Thursday, 11 September 2014

and faith?

I'd been waiting for news about the latest U2 album for a while and the only information coming out was about delays to a release date. Then on Tuesday evening I discovered that not only had it been released but that I'd already got it! Free!!
Coinciding with the Apple launch of their new products it turned out that Songs of Innocence had been delivered to everyone in the world with an iTunes account. So I went to check and yes, there it was marked as purchased in my account and after a bit of faffing about I had it downloaded onto my PC, iPod and iPad and all at no charge. Nice on.

My rule of thumb with U2 albums is that the ones that take longer to get into usually end up as favourites, with a couple of exceptions like The Joshua Tree which was stunning on first listening and still sends a shiver up my spine. I'll post a review once I've had a few listens to Songs of Innocence.

The reviews I've read so far have been positive and informative about the background to the tracks, however, one thing struck me as odd. In the New York Times review John Pareles lists what inspired U2 as musicians and songwriters in the first place:
During its five years between albums, U2, which released its first recording in 1979, publicly pondered how to stay relevant. Its solution, on “Songs of Innocence,” is to reimagine its young, retrospectively innocent selves and recall what fired them up: family, neighbors, lovers, street action and of course, music. Liner notes by Bono, the band’s lead singer and main lyricist, fill in many of the back stories, describing the songs as “first journeys.”
All well and good but something was missing from the list of what fires U2 up and that something is Faith. Faith has always been there in U2's music either obliquely or explicitly and I don't think this album is any exception. Pareles draws attention to Bono's cover notes for the album but I wonder whether he read them carefully enough, or was there a particular reason he didn't want to reference this aspect of U2's influences? Bono is quite open in explaining the place of faith in his background. He writes about Cedarwood Road the subject of one of the tracks:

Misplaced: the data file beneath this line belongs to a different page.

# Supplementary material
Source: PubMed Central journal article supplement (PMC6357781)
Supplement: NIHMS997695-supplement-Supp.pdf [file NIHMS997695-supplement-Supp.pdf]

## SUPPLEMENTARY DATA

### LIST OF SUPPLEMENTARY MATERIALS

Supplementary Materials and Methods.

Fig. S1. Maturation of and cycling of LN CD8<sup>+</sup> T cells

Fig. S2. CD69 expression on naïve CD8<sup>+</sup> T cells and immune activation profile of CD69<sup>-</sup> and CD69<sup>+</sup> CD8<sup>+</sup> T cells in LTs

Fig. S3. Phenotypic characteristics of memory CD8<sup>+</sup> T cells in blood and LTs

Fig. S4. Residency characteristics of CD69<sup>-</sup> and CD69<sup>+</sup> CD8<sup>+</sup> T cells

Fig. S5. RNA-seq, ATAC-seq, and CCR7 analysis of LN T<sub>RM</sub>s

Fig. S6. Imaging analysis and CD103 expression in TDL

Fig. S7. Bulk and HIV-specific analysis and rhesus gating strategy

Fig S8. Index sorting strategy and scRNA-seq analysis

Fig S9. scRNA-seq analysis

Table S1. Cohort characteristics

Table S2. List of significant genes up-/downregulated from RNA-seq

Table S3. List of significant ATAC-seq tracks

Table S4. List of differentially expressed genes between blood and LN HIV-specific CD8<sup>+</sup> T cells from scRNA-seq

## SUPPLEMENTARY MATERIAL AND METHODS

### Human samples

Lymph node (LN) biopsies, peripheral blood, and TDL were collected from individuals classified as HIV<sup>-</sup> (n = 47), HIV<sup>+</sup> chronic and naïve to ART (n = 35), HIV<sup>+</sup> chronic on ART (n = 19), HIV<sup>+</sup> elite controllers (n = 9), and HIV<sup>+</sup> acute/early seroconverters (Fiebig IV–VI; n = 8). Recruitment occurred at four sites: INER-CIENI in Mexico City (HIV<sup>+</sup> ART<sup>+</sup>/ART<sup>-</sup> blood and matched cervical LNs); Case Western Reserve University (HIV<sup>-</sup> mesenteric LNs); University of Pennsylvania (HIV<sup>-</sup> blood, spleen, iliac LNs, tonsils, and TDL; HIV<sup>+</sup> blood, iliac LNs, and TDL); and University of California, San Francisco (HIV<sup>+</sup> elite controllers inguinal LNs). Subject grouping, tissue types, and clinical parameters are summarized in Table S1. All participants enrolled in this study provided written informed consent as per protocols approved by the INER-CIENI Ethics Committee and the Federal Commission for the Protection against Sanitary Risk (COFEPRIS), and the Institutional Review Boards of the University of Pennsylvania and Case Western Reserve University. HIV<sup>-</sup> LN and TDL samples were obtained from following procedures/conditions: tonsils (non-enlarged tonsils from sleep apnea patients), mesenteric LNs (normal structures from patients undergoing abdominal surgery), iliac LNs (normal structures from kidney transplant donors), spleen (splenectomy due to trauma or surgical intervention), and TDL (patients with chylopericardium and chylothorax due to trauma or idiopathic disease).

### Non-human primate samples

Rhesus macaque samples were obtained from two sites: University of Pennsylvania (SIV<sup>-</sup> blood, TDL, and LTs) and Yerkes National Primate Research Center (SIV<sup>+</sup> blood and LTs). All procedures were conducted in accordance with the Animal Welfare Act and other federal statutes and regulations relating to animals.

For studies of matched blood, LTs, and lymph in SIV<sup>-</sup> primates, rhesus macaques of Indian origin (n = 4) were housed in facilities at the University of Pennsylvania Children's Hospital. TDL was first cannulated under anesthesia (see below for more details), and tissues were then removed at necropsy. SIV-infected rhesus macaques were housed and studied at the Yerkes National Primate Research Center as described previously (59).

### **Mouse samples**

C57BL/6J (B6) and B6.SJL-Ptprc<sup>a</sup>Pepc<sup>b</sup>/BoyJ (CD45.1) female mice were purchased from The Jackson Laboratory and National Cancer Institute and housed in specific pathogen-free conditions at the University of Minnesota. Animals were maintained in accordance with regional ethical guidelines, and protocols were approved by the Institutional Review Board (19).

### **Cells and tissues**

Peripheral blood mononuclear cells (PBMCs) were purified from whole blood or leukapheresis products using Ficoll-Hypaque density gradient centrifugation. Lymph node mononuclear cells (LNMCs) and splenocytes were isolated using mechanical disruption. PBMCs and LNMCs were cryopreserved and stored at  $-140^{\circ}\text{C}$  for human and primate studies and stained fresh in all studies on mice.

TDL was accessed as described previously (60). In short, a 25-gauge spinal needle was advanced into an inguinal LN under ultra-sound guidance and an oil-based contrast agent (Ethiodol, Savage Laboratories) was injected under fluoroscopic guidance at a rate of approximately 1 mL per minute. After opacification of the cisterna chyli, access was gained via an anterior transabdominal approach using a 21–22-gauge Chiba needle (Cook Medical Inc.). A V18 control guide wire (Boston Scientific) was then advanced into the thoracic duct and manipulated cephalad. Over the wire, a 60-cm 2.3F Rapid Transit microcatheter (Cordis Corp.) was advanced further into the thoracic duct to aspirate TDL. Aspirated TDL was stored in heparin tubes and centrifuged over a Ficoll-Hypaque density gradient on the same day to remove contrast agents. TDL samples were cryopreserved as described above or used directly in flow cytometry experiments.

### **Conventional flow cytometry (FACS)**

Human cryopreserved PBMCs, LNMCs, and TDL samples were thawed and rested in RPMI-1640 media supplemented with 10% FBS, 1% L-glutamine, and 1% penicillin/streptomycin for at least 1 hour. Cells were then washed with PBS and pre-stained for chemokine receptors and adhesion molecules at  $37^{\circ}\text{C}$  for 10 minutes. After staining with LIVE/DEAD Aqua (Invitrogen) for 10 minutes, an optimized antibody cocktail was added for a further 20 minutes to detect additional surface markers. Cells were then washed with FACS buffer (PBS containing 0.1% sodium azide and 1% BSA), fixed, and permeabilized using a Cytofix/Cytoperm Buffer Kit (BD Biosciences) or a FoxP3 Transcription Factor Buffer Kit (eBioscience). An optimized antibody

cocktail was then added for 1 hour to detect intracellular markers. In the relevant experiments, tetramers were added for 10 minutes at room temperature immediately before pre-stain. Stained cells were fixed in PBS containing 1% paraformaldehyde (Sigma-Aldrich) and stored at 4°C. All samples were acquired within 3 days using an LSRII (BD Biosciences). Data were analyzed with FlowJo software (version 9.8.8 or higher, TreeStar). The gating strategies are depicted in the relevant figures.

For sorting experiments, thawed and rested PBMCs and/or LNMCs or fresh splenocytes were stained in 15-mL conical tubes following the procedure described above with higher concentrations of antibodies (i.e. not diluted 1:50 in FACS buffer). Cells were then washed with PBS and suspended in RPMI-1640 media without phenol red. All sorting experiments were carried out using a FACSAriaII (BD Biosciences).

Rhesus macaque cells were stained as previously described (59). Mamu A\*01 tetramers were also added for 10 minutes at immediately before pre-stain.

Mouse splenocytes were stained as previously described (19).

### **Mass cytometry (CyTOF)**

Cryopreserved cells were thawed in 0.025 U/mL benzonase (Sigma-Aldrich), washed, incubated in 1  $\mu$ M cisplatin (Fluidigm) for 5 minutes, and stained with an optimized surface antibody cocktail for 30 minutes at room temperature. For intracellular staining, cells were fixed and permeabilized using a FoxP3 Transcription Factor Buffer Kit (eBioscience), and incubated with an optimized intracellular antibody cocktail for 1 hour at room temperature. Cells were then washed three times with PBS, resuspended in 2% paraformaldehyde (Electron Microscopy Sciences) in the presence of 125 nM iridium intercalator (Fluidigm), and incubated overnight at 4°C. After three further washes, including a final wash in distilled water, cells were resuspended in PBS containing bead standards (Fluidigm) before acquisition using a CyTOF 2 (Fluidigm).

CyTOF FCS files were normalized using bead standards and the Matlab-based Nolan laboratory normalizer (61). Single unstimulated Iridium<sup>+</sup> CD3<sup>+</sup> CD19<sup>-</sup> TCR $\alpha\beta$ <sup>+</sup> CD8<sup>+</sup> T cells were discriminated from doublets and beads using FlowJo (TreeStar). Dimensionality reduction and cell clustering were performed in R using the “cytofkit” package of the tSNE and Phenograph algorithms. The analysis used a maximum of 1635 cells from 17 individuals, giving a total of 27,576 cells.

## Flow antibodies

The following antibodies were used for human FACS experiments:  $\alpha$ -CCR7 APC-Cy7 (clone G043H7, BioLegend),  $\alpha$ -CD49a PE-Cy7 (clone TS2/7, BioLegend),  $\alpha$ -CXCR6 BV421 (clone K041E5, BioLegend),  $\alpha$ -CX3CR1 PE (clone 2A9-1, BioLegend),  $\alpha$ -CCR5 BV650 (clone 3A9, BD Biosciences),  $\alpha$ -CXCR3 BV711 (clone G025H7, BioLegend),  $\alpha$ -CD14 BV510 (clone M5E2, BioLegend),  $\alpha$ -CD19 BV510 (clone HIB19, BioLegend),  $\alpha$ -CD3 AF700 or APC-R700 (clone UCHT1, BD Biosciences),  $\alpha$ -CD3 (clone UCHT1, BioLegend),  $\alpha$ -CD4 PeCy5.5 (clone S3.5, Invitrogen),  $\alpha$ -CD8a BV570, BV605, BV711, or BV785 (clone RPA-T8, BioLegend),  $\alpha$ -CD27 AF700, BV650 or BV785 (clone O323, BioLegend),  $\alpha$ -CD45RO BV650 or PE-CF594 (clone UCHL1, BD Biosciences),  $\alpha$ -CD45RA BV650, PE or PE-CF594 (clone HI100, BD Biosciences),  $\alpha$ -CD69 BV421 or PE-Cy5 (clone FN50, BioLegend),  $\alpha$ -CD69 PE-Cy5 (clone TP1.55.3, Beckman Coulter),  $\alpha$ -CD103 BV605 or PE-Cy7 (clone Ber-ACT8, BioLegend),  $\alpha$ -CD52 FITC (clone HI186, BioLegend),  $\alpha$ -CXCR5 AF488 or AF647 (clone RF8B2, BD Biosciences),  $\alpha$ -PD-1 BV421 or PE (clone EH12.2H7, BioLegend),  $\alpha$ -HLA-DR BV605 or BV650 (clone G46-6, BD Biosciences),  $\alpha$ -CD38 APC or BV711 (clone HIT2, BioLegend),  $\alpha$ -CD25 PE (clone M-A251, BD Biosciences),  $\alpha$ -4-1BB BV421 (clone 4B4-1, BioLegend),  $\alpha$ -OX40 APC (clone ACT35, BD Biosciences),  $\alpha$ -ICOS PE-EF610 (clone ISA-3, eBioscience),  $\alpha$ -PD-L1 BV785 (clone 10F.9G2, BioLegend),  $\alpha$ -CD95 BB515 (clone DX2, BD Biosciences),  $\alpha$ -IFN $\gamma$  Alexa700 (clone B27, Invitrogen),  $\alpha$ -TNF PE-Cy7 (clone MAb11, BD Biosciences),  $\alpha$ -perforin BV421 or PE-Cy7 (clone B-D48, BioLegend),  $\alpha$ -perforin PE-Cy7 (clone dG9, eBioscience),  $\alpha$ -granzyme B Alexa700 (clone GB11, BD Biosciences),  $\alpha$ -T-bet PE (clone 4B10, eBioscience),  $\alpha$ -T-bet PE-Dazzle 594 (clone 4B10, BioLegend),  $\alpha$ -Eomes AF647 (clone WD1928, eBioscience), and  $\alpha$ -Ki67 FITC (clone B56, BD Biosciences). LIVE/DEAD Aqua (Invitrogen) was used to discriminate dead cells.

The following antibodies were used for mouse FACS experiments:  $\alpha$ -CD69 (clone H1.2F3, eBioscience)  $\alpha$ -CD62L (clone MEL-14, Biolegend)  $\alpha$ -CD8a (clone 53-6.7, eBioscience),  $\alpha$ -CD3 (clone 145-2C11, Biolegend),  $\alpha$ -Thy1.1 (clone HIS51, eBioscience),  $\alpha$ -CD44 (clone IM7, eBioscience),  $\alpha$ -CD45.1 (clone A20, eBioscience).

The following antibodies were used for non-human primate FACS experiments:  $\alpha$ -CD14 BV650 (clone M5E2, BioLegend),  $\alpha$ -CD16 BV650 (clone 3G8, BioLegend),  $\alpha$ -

The Rowans at No.5 had a cherry blossom tree that was the most luxurious thing in the world to me. That family were like an old testament tribe. I learnt a lot from them. The depth and deep disclosures of the scriptures. In their company I saw some great preachers who opened up those scary black bibles and made the word of God dance for them, and us. Sometimes I would think it should be the other way round. One minute you're reading it, next minute you're in it. Lou Reed, God rest his soul, said you need a busload of faith to get by. That bus was full of Rowans and I was on it.
And the lyrics are a bit of a give away. The Troubles:
God knows it's not easy, taking on the shape of someone else's pain. God now you can see me, I'm naked and I'm not afraid. My body's sacred and I'm not afraid.
Or Song for Someone:
And I'm a long way from your Hill of Calvary. And I'm a long way from where I was and where I need to be...
One of the strengths of Bono's writing is that faith doesn't get an easy ride in U2 songs, recognising the tensions and all too apparent failings confronting the individual and the church. Sleep Like A Baby Tonight takes on the appalling reality of child abuse in the church. And Bono slips in an uncomfortable line in Every Breaking Wave directed at himself but a challenge for those of us who preach:
I thought I heard the captain's voice, It's hard to listen while you preach...
So a simple plea to reviewers. If you are going to explore U2's influences, don't leave out something which is clearly at the heart of their music, even if it does make you feel uncomfortable.

No comments: